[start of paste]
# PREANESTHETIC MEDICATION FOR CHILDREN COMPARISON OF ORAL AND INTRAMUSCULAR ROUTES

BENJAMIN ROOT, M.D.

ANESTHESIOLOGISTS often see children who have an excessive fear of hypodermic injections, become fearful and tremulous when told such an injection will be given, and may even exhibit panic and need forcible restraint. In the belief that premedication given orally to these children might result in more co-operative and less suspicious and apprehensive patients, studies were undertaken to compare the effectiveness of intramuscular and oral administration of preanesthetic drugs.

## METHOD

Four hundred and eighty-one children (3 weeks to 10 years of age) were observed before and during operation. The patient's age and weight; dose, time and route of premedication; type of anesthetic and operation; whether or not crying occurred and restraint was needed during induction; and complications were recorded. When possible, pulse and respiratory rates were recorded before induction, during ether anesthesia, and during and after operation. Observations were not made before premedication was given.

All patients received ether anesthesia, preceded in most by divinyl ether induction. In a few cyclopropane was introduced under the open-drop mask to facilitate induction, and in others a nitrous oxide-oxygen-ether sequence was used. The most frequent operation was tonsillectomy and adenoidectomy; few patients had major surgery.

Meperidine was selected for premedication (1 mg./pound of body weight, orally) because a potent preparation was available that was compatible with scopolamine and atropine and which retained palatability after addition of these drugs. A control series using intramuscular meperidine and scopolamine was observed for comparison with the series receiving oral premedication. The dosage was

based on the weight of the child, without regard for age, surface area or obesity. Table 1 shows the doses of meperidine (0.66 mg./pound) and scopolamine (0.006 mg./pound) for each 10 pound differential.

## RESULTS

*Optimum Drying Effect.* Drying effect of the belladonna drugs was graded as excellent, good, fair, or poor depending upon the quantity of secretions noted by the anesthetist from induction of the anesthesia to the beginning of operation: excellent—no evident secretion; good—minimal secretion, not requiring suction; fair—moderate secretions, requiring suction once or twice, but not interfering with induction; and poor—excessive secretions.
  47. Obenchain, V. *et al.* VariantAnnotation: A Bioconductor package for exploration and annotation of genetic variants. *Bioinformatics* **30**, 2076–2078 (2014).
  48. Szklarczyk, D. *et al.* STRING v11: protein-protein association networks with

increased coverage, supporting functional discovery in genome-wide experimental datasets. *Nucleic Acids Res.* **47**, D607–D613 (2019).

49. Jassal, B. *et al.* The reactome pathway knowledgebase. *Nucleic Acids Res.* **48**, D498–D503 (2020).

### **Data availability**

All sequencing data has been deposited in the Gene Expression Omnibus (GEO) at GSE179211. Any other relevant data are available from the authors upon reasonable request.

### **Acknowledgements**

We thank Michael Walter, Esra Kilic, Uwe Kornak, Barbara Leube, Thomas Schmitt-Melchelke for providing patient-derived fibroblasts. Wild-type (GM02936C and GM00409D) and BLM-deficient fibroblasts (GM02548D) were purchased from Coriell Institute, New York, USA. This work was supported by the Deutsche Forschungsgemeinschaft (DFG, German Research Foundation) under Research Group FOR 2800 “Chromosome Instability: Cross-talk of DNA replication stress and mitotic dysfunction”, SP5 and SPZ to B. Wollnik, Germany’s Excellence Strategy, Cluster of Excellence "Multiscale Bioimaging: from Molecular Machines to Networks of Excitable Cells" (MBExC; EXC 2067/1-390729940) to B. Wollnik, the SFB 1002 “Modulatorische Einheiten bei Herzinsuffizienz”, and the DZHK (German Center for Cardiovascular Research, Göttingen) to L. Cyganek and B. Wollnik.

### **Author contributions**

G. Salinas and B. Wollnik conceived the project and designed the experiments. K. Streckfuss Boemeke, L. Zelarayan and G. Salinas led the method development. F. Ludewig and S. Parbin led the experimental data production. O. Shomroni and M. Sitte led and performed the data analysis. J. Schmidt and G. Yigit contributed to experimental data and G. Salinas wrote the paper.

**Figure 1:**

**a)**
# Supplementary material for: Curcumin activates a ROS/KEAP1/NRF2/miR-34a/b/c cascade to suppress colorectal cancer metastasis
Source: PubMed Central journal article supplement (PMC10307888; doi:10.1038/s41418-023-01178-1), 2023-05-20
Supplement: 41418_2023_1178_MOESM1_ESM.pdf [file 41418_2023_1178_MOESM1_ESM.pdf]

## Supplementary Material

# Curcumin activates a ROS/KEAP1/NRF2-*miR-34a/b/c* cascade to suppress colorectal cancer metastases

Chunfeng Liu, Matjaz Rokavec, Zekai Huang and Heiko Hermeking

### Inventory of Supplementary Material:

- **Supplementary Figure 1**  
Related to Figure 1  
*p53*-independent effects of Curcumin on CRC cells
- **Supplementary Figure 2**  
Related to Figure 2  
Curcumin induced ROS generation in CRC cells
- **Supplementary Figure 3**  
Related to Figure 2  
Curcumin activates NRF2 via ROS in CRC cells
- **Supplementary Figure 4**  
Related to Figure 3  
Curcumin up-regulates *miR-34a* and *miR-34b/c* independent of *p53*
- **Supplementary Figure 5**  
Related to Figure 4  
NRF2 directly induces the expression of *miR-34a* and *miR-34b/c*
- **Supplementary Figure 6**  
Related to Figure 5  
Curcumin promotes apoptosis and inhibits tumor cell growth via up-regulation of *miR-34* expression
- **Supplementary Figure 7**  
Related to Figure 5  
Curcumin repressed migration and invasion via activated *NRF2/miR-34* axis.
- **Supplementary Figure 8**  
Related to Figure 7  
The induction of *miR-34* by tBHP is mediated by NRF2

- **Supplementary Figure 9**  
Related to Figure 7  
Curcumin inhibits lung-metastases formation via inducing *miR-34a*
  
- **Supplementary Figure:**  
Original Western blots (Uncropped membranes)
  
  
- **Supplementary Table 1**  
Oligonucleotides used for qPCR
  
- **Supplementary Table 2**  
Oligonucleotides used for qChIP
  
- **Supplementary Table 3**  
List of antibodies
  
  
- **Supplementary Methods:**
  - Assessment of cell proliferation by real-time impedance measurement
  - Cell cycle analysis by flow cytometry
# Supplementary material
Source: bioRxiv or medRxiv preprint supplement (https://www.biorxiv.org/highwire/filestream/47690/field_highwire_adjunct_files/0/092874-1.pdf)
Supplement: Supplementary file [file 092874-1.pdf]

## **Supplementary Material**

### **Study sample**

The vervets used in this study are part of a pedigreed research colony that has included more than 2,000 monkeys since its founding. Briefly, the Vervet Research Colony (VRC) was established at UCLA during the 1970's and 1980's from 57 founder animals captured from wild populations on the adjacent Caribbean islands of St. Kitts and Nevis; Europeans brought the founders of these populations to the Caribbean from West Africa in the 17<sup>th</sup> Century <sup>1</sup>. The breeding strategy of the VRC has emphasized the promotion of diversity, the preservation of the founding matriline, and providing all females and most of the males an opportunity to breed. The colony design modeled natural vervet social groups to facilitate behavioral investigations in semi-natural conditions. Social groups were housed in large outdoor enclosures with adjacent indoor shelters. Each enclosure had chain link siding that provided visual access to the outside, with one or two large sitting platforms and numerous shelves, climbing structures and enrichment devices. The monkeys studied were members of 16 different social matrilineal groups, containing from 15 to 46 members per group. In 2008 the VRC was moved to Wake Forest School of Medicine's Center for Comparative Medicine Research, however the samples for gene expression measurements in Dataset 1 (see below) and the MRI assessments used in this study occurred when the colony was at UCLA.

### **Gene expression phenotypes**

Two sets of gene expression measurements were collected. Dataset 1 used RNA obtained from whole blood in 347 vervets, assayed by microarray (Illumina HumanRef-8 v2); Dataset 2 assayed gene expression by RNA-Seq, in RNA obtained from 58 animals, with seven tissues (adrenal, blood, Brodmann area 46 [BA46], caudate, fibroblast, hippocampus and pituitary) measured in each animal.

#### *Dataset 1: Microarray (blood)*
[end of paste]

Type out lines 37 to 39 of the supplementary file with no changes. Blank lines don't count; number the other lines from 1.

Related to Figure 2  
Curcumin activates NRF2 via ROS in CRC cells
- **Supplementary Figure 4**  